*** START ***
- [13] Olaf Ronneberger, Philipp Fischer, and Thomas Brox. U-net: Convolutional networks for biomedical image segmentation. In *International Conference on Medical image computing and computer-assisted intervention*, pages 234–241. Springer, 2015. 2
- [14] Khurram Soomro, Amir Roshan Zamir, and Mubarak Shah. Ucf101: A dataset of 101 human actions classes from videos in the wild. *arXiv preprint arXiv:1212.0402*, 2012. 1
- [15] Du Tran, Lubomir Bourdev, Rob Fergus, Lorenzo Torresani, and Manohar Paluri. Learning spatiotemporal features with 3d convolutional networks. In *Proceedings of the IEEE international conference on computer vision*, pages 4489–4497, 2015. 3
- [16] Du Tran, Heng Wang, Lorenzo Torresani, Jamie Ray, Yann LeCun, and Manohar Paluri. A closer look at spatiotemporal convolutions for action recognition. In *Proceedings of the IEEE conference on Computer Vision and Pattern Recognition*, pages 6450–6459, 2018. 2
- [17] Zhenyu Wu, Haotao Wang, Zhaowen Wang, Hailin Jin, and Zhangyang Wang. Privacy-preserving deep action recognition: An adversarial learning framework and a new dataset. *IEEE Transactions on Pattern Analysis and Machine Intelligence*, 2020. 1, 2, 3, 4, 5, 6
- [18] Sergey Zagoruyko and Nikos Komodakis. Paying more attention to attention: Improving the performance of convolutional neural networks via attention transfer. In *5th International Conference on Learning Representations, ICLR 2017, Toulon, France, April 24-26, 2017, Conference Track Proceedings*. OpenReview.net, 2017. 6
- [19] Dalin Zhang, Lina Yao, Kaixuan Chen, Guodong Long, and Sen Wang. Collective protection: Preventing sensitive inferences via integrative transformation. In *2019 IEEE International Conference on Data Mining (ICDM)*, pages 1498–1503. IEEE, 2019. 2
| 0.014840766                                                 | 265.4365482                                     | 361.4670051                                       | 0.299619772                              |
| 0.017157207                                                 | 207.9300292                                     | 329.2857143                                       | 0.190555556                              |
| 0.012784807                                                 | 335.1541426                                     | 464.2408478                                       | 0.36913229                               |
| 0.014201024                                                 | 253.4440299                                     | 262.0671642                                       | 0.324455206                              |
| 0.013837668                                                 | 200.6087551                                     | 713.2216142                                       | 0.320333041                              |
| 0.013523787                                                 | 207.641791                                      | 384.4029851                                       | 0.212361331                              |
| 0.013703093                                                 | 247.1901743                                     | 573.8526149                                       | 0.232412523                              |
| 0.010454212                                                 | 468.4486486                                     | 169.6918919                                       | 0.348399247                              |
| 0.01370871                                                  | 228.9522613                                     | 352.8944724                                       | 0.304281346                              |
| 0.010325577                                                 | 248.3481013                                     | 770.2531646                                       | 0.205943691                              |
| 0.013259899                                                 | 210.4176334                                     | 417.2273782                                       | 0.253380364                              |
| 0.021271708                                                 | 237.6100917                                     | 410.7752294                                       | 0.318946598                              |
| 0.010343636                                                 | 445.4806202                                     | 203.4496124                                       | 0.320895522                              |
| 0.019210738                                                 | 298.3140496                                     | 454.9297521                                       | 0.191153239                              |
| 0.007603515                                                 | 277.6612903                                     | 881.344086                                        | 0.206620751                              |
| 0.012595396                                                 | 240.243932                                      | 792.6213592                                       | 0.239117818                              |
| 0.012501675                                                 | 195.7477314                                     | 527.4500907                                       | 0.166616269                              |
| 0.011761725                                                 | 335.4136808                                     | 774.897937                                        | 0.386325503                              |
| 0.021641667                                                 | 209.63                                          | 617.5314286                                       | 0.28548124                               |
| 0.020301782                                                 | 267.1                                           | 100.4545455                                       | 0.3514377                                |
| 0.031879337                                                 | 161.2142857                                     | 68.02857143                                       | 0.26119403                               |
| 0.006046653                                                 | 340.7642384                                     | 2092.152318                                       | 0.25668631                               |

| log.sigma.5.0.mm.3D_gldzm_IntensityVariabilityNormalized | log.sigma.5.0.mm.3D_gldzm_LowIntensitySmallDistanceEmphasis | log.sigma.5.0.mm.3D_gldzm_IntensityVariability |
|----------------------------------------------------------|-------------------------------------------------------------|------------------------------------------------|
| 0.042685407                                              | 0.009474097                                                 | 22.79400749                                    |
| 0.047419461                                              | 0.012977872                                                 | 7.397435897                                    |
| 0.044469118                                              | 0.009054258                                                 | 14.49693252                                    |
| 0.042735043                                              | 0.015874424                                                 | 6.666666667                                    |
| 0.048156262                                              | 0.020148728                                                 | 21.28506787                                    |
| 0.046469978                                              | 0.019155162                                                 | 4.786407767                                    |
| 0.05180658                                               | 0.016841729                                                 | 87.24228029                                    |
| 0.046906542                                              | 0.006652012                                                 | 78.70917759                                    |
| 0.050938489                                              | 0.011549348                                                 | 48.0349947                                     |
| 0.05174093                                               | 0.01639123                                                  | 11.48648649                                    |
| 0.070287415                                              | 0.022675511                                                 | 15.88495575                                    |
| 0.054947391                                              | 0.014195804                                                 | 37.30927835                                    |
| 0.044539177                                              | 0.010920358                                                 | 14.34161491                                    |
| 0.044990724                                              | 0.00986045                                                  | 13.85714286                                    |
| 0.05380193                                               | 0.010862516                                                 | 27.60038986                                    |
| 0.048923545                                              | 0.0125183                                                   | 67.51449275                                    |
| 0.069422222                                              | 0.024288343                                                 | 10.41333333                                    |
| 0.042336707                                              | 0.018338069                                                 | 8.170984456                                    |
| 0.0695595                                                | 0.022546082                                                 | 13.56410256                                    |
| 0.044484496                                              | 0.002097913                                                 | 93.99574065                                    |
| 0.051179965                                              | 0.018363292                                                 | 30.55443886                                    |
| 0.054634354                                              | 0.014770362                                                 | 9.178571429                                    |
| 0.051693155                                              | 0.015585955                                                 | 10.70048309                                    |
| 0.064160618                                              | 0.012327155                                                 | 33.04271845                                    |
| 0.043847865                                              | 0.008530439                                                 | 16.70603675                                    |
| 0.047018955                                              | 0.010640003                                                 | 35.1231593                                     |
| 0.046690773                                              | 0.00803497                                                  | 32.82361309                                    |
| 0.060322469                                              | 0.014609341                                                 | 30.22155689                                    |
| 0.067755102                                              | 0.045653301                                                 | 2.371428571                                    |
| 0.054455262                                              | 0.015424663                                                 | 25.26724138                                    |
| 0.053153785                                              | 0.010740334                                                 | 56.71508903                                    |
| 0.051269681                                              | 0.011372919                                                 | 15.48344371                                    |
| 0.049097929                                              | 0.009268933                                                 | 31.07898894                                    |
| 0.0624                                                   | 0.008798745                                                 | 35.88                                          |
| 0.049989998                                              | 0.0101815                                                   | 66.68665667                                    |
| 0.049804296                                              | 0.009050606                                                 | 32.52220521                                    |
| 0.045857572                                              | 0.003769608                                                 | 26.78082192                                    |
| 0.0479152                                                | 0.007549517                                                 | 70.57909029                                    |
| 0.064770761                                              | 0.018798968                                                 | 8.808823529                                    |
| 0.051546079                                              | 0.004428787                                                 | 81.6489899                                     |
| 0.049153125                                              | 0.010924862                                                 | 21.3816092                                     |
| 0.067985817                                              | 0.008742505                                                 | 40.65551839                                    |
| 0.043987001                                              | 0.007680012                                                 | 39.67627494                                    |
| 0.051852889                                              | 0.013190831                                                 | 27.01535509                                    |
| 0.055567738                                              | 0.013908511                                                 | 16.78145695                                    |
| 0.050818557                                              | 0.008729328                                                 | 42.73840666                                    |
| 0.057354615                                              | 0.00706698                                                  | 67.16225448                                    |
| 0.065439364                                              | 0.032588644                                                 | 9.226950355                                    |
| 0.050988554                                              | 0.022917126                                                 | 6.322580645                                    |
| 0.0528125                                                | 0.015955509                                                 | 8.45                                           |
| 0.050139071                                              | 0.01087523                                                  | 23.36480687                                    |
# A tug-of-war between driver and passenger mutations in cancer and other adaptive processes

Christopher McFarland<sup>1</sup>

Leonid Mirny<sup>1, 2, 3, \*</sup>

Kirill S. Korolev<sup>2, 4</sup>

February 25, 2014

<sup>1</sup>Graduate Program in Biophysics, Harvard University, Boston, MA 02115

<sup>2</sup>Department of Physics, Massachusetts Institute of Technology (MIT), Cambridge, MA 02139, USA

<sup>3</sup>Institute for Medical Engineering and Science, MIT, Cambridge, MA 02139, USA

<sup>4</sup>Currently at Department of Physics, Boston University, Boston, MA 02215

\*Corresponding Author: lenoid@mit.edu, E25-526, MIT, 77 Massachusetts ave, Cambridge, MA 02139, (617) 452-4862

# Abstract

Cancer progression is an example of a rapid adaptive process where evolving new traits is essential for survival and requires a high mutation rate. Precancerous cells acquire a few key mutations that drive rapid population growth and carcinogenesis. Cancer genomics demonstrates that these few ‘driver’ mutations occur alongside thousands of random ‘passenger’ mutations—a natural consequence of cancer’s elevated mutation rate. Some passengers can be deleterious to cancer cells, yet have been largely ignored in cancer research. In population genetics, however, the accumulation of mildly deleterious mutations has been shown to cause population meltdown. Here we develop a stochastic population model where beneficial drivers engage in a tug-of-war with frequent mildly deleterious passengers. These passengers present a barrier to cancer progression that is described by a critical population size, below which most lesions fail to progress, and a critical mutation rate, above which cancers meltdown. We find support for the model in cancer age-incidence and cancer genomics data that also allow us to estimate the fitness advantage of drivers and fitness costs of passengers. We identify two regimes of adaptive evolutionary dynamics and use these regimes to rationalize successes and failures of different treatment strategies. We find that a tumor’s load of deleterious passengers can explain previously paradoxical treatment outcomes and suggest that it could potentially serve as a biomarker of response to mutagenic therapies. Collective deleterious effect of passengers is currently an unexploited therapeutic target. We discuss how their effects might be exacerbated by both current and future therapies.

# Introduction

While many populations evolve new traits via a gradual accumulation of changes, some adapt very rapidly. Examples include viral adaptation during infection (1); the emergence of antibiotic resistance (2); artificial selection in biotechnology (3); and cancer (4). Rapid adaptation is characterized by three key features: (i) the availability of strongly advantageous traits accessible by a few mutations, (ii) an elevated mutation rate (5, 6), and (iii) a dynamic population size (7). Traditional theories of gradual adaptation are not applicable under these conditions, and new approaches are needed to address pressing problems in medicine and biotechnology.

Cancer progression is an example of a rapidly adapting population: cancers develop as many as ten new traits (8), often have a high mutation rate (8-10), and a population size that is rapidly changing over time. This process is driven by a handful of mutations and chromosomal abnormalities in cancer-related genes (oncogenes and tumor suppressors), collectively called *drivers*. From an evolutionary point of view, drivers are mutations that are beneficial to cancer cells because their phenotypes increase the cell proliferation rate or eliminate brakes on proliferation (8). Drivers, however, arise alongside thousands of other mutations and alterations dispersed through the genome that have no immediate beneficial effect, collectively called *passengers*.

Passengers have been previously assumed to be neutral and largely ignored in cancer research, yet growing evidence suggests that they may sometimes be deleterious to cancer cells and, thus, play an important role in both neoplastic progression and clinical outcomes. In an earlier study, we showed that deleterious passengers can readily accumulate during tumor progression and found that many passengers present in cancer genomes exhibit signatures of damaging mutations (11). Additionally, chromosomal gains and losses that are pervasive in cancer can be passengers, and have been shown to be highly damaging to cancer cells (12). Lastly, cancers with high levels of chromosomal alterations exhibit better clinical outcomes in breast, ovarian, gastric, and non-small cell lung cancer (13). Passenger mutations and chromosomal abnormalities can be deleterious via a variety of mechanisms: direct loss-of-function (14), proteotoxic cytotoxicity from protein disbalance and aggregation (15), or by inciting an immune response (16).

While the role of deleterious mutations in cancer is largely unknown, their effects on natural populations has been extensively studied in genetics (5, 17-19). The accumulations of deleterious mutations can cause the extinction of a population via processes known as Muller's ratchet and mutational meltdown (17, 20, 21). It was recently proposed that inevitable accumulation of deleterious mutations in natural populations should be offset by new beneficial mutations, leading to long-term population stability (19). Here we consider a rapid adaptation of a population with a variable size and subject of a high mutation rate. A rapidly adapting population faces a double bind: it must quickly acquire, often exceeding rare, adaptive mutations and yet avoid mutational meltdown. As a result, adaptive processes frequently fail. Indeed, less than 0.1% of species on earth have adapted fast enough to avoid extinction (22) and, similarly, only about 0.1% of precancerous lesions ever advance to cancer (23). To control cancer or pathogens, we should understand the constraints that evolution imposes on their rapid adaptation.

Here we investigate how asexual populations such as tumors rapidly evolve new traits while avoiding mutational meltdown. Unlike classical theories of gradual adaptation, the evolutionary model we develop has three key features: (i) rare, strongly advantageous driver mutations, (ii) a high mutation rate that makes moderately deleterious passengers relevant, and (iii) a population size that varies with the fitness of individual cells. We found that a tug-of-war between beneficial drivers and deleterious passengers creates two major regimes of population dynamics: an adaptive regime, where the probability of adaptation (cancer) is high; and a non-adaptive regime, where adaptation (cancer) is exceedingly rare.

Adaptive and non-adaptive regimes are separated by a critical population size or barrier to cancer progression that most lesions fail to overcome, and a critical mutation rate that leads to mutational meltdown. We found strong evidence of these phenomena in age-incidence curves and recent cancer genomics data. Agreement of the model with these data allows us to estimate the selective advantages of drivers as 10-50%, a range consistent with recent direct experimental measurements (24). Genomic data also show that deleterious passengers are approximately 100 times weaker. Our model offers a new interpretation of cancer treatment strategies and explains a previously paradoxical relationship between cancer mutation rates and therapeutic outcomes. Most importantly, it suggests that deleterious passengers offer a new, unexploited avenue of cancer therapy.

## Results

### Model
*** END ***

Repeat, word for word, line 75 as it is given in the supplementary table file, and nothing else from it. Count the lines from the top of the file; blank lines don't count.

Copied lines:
| 0.051852889                                              | 0.013190831                                                 | 27.01535509                                    |